Friday, January 8, 2016

Begin With the Weather: Diaries of a "Common Laborer"


     My days of regularly haunting antique shops are largely over. For many years, I fancied myself a collector of fine things, and in truth, the phrase “hand-painted Bavarian porcelain” still whets the appetite. But one does reach a point when arithmetic trumps the flashier arts, when the likely cost of keeping body and soul together in old age multiplied by the desire to leave behind something other than shelves of tchotchkes is too great to ignore. And in time, the tyranny of possessions, of bright, shiny objects, does loosen its grip.
     During that wanton heyday, though, I came across a set of four diaries from the early 1900s, meticulously kept by a man named Luke Flynn, who lived in Waterbury with his wife, Kate. Small, unpretentious volumes, four in all, about an inch thick and the size of an index card, covered in canvas with an overlapping flap, the edges trimmed in narrow, burgundy leather. In these diaries, Mr. Flynn recorded what we might assume mattered most to him: the weather, his work, the comings and goings of family and close friends.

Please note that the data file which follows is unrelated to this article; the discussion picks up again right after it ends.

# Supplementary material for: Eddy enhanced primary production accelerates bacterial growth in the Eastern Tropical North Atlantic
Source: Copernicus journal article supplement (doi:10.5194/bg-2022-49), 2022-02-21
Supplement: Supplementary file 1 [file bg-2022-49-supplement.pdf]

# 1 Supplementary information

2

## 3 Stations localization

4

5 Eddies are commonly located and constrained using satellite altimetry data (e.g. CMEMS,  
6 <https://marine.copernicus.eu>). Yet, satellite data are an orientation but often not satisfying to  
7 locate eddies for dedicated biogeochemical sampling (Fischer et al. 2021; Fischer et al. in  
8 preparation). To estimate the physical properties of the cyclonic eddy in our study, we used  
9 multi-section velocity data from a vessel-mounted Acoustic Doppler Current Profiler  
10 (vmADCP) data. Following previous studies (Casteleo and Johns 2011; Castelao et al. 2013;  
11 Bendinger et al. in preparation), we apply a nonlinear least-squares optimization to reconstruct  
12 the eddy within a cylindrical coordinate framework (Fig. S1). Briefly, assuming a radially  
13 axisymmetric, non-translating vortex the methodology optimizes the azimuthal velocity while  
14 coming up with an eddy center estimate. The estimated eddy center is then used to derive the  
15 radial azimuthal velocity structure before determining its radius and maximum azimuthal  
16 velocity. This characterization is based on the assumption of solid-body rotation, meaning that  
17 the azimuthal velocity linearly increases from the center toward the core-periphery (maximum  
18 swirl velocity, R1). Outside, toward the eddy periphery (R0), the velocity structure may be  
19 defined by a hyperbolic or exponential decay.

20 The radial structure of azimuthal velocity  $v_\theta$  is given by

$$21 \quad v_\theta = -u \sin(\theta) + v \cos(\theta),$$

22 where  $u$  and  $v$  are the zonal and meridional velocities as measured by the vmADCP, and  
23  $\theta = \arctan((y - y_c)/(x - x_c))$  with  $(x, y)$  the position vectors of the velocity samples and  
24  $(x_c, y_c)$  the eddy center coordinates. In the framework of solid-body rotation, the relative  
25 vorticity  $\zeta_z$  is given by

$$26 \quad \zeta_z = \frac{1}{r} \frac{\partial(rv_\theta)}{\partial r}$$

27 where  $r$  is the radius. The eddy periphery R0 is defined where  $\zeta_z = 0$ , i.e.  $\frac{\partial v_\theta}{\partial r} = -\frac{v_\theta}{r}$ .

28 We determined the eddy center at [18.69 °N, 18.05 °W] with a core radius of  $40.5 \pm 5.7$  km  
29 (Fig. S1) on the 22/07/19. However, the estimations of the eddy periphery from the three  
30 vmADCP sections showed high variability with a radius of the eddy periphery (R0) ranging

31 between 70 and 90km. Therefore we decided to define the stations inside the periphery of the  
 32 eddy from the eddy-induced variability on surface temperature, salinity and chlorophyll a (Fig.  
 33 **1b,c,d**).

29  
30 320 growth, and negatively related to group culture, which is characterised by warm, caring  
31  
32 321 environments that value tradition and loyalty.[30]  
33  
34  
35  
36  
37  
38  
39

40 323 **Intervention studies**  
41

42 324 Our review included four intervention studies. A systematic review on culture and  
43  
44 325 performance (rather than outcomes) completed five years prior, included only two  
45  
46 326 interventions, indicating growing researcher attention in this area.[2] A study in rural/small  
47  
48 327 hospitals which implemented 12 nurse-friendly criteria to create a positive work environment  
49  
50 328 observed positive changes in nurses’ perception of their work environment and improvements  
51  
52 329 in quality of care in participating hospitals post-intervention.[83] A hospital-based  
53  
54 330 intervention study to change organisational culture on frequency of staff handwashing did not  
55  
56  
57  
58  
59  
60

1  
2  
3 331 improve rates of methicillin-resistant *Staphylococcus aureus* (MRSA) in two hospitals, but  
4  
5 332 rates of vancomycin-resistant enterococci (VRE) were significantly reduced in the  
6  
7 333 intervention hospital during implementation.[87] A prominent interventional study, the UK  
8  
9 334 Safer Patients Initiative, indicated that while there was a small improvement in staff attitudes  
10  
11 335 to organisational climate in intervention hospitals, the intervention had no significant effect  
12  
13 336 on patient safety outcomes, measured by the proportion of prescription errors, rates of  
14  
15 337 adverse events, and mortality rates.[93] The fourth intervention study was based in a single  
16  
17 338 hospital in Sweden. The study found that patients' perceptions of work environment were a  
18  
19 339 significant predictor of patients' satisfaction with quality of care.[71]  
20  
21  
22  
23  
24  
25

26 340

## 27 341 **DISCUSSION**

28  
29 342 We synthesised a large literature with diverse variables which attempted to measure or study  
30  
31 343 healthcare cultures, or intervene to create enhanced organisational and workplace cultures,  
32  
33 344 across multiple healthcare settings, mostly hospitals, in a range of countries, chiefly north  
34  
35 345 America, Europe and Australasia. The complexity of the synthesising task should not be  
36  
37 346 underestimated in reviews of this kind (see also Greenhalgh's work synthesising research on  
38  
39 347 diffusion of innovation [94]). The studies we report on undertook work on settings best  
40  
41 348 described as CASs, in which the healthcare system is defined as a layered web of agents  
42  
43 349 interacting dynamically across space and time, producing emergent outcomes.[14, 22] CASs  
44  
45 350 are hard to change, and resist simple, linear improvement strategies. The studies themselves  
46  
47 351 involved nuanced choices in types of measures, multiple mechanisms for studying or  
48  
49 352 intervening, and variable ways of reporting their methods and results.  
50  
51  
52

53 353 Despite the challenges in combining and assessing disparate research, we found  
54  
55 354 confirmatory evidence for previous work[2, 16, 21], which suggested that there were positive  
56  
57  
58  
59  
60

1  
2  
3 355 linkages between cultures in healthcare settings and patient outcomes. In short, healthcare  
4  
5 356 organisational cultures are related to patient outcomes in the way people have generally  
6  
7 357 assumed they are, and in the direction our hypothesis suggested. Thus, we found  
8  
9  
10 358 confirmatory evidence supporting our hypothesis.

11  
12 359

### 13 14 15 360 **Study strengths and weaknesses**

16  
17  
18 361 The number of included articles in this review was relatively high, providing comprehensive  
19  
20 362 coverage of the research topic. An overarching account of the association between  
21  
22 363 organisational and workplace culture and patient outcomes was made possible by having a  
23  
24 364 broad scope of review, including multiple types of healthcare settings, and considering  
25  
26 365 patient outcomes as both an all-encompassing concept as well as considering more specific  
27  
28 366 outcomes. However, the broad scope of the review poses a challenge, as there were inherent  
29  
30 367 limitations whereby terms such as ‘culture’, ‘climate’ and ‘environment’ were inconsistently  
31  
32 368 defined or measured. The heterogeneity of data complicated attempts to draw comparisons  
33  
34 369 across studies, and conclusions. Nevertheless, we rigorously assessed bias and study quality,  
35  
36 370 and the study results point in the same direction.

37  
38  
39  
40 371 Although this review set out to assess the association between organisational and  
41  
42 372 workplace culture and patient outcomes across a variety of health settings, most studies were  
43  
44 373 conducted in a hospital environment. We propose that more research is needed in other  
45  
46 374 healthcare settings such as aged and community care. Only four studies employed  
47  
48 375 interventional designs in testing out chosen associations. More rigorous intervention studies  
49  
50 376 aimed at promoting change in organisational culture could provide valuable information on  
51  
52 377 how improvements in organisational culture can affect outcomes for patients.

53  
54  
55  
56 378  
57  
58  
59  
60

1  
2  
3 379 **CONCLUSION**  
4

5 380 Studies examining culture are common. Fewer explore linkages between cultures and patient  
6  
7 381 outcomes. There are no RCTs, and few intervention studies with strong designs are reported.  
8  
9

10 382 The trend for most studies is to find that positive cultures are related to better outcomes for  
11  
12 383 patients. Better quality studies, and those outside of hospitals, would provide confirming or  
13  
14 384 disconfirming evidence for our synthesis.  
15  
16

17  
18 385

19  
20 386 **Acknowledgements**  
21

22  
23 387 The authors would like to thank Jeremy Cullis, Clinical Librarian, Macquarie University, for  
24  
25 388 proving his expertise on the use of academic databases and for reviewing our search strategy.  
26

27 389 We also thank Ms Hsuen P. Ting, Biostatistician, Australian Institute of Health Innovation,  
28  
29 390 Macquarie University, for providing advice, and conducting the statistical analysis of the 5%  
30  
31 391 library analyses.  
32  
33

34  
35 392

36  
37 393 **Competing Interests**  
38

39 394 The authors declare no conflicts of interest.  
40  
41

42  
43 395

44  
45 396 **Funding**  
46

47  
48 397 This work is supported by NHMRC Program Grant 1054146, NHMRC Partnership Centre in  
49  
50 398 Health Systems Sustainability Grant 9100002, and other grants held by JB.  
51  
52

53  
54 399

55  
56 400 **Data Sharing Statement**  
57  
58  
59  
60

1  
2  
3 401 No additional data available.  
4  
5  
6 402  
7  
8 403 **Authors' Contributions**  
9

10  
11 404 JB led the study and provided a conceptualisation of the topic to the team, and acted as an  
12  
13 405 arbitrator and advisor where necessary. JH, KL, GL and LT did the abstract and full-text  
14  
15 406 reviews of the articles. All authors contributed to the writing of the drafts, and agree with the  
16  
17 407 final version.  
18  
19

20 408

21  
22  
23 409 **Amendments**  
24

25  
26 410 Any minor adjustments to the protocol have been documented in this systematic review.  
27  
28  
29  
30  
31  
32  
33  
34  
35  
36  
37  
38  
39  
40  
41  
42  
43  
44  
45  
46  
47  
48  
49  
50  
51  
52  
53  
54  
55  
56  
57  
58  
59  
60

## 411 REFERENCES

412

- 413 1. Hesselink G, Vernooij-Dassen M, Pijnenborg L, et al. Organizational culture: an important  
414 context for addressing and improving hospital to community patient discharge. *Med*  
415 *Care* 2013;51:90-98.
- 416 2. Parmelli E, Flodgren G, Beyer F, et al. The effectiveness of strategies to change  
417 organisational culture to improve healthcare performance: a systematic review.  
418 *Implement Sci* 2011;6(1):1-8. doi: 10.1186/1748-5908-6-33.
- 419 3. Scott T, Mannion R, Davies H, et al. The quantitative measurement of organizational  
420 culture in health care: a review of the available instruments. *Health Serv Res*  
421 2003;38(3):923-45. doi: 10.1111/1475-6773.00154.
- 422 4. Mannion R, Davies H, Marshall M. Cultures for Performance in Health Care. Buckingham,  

As a writer, I was immediately intrigued. I’ve kept a journal most of my adult life, though slacking off for great stretches now and again, when the tedium or occasional tragedy of the days seemed too numbing to chronicle. I rarely return to them; the banality of most entries serves only to upend the already fragile confidence.  I only hope that before I reach a state of mindless decrepitude, I have the good sense to take a match to the plastic tubful of assorted spiral notebooks, sketch pads, and leather-bound journals I’ve despoiled over the years.  God forbid anyone should read them. 

Waterbury, VT 1914 -- Library of Congress
     Yet, Mr. Flynn’s diaries have survived for over a century, and I’m glad for that. In laconic prose, and spelling we’ll call idiosyncratic, they reveal a poignant if narrow slice of his life and an earlier time.  We are listeners in a darkened hallway, leaning toward a door left just slightly ajar.